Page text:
As the spread of the COVID-19 increases and deaths rise globally we have seen lockdown measures for nearly a quarter of the worldwide population. Amongst this, over 40,000 refugees are trapped in makeshift camps on the islands of the Aegean, Eastern Mediterranean, with thousands still making the journey from Turkey to the EU into Greece.

Before Europe became the epicentre of the crisis, Europe’s media had its eyes fixed upon the land and sea border between Greece and Turkey as Turkeys President, Erdogan, allowed migrants to leave Turkey for the EU earlier in the year.

Lesbos: Camp Moria | //Non-commercial use by giving copyrigh… | Flickr
Entrance to the Moria Refugee Camp, Lesbos

Although there has been a major reduction in refugees heading for the border it’s the camps themselves that pose the potential humanitarian crisis. The Moria Refugee Camp on Lesbos, just off the west coast of Anatolia, is overcrowded and many are worried about the cramped condition and lack of health services. This provides the perfect conditions for the spread of COVID-19 among residents of the camps.

The UN Refugee Agency issued a brief on their website disclosing the stats for the refugee camps in Greece, “More than 36,000 asylum seekers are now staying in reception centres across five islands which were originally designed for 5,400 people.” The brief goes on to explain that, “over 5,300 unaccompanied children in Greece, only less than a quarter are in adequate shelter for their age.”

In early March the Greek government set out a 12-point plan for dealing with COVID-19 in the camps. As a result, visits and activities within the camps have been cancelled and residents can only move around the camps when absolutely necessary. Only one member of each family is allowed to shop outside the camps. Special police buses take them to prearranged shops. All camps are under a general curfew from 9 p.m.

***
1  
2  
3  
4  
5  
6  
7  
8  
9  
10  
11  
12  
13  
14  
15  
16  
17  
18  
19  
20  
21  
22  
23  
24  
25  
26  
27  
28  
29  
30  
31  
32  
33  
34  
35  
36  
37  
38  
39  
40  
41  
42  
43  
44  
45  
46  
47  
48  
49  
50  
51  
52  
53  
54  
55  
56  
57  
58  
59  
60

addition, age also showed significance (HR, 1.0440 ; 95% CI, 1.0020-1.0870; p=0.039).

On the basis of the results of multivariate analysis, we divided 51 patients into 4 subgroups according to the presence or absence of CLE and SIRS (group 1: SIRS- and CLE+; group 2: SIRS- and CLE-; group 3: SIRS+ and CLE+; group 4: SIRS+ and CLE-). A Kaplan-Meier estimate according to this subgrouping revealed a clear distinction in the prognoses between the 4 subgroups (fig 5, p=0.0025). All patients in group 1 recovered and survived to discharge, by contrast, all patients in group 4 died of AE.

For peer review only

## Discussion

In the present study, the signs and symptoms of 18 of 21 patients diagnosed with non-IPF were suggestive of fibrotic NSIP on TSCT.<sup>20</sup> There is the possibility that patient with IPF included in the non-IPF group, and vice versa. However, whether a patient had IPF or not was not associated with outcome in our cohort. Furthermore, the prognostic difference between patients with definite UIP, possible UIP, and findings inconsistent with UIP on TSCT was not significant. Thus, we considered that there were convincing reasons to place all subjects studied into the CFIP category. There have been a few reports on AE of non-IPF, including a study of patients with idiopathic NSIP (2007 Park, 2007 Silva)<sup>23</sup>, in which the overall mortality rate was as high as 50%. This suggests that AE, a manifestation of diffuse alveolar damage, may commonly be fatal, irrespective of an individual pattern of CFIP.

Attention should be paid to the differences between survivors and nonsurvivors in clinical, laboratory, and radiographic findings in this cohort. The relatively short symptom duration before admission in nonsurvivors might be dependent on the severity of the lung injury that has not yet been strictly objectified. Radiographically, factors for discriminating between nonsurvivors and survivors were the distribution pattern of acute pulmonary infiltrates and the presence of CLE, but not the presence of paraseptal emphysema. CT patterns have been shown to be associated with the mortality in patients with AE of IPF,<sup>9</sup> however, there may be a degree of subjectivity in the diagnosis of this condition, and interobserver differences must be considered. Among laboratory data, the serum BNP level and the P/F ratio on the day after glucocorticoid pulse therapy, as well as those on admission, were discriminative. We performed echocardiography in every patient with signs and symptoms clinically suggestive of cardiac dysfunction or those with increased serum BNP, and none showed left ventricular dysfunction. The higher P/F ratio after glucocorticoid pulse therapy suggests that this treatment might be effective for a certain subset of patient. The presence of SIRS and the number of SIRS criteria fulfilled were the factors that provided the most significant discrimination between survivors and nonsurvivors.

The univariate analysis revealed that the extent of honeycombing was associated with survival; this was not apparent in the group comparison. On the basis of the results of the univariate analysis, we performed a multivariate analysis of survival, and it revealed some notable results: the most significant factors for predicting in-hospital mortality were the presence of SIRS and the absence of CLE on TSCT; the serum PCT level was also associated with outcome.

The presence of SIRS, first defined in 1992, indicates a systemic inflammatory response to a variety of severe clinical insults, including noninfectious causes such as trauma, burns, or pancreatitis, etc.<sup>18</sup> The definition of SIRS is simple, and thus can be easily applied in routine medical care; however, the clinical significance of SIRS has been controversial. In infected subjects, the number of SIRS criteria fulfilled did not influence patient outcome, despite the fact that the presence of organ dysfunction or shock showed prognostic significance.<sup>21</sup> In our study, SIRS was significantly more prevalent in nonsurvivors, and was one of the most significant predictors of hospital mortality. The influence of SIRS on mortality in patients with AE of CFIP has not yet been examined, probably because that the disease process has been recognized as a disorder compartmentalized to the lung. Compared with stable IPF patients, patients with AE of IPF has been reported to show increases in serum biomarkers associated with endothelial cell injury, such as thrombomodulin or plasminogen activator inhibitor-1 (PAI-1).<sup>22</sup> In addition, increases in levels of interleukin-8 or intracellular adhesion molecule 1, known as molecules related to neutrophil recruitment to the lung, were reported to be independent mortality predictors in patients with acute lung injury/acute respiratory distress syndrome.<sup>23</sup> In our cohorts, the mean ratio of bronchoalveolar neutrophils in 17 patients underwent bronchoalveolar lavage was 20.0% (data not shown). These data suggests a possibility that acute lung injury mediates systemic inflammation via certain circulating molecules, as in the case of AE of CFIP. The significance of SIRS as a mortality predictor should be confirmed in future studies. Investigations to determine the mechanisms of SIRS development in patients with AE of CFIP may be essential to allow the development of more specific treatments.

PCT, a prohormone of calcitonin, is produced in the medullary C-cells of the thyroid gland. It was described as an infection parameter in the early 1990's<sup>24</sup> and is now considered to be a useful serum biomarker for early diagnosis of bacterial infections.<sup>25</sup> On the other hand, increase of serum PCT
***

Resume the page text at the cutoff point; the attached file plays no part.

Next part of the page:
These, however, are seen as face value measures and don’t tackle the real problem of overcrowding and poor sanitation. Franziska Grillmeier, a freelance journalist living on the island of Lesbos, tweeted about the inadequacy of these measures, “Police car is driving in front of #Moriacamp shouting to camp residents through speaker to avoid crowds. This must seem like a cruel joke to the 18,949 #refugeesgr who are currently stuck, tent on tent, without running water for hours & any sufficient electricity supply in RIC.”

Currently Greece’s confirmed COVID-19 cases remain one of the lowest in Europe. This gives Greece some leeway to deal with the relocating of refugees to the mainland to prevent the spread in the overcrowded and poorly managed camps on the islands.


5 thoughts on “COVID-19: The refugees trapped in Greece”

  1. Very good article Daniel. It highlights the plight of the refugees who are are already suffering. They same can be said of the Palestinians who are suffering through once again as a result of the Israeli government restrictions.

  2. Let’s hope that the current compassion and sharing being shown across communities within countries can extend to those less fortunate than ourselves across the world.

  3. Very well written Daniel highlighting the extreme dangers people have to face on a daily basis. I have seen firsthand (although not in Greece) during a Week Volunteering in Calais with my daughter how Refugees are treated by the Authorities. If only everybody understood how challenging life is for people who through no fault of their own have ended up living in this horrendous way.

  4. I hope the refugees cam be helped because while they live in these conditions they are not able to fight the virus as they can’t follow the social distancing recommendations. To leave them like this will only inceease the risk of not being able to contain the virus.

  5. Heart-wrenching and leaves one feeling desperate that the Greek government and the world looking on will choose to do their utmost to help these fellow humans and save lives that may be in danger from Covid-19.

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